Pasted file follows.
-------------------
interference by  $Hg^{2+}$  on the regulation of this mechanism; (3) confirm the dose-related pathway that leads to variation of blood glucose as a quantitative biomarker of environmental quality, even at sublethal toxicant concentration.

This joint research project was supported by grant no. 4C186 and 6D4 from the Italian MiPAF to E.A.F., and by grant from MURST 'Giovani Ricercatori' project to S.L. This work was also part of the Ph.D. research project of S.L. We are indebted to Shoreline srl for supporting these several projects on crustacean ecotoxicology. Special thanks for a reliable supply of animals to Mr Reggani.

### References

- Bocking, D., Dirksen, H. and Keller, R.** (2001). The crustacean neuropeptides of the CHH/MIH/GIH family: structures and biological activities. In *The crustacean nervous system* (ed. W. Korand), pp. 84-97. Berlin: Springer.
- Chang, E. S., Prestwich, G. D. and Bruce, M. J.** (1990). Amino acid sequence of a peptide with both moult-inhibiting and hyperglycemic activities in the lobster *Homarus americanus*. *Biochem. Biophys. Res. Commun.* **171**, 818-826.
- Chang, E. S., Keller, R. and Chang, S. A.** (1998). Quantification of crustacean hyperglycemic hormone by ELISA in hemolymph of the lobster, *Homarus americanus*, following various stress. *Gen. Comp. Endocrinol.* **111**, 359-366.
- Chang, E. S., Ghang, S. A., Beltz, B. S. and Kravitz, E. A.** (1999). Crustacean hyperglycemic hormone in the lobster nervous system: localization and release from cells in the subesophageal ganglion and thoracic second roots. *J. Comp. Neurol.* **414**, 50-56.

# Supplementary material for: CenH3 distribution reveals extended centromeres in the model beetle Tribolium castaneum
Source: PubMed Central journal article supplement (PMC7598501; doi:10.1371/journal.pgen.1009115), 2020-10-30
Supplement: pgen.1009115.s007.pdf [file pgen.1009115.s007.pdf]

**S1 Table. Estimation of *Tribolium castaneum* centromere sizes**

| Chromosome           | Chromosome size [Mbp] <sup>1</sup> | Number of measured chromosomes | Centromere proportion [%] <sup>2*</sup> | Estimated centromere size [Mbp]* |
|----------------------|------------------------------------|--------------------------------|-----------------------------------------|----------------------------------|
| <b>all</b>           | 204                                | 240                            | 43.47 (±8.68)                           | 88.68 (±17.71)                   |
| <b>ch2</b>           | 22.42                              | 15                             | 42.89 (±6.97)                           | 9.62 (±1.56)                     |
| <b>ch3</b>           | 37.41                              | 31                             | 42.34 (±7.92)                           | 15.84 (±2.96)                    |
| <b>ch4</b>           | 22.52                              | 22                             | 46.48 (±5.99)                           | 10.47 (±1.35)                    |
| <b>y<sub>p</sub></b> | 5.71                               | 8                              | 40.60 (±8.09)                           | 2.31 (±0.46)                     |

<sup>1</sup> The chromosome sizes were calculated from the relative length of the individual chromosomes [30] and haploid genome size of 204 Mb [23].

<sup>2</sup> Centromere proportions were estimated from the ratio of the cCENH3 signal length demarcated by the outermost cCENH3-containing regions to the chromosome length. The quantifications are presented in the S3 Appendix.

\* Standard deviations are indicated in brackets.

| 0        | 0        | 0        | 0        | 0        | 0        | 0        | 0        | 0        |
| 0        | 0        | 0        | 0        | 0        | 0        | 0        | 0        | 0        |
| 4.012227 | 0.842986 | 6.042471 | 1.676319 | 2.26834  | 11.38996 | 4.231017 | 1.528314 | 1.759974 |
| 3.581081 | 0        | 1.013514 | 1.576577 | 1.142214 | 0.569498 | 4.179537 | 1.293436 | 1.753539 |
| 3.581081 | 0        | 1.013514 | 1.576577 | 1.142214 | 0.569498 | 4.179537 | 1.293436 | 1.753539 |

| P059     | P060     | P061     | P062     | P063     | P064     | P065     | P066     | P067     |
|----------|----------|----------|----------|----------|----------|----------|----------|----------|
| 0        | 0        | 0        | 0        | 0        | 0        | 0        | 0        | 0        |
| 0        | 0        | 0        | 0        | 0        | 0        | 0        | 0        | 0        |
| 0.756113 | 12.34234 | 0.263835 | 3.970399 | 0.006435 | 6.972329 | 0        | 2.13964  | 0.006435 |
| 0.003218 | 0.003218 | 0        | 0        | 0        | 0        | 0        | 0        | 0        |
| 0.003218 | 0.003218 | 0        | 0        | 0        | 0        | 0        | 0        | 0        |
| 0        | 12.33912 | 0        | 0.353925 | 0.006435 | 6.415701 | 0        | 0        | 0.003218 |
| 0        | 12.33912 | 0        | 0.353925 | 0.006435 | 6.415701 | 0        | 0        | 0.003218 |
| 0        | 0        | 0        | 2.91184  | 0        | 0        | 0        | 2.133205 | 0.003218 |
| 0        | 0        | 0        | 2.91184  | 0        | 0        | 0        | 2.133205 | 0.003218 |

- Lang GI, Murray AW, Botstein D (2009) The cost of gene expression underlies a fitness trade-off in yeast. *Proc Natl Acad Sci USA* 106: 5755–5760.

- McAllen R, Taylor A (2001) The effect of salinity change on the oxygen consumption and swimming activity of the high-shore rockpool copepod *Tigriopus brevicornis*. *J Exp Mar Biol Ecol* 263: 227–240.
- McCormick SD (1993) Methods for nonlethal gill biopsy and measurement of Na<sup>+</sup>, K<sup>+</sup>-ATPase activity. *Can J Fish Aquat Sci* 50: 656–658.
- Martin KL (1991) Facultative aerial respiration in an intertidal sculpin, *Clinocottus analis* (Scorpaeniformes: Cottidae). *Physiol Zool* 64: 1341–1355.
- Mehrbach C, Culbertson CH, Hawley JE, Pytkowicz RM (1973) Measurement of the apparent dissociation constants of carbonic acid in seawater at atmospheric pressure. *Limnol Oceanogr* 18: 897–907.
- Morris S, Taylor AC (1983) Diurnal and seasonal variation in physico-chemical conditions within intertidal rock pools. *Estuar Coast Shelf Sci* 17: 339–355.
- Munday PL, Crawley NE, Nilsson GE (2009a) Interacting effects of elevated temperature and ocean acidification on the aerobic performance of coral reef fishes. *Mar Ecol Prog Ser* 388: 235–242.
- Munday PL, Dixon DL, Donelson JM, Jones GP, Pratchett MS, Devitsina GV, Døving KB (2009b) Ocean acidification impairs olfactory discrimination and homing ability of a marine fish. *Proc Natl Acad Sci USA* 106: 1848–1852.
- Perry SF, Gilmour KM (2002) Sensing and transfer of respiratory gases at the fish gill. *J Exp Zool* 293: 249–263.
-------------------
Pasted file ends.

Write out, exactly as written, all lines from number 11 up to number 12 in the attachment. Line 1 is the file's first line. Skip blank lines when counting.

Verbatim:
**S1 Table. Estimation of *Tribolium castaneum* centromere sizes**

| Chromosome           | Chromosome size [Mbp] <sup>1</sup> | Number of measured chromosomes | Centromere proportion [%] <sup>2*</sup> | Estimated centromere size [Mbp]* |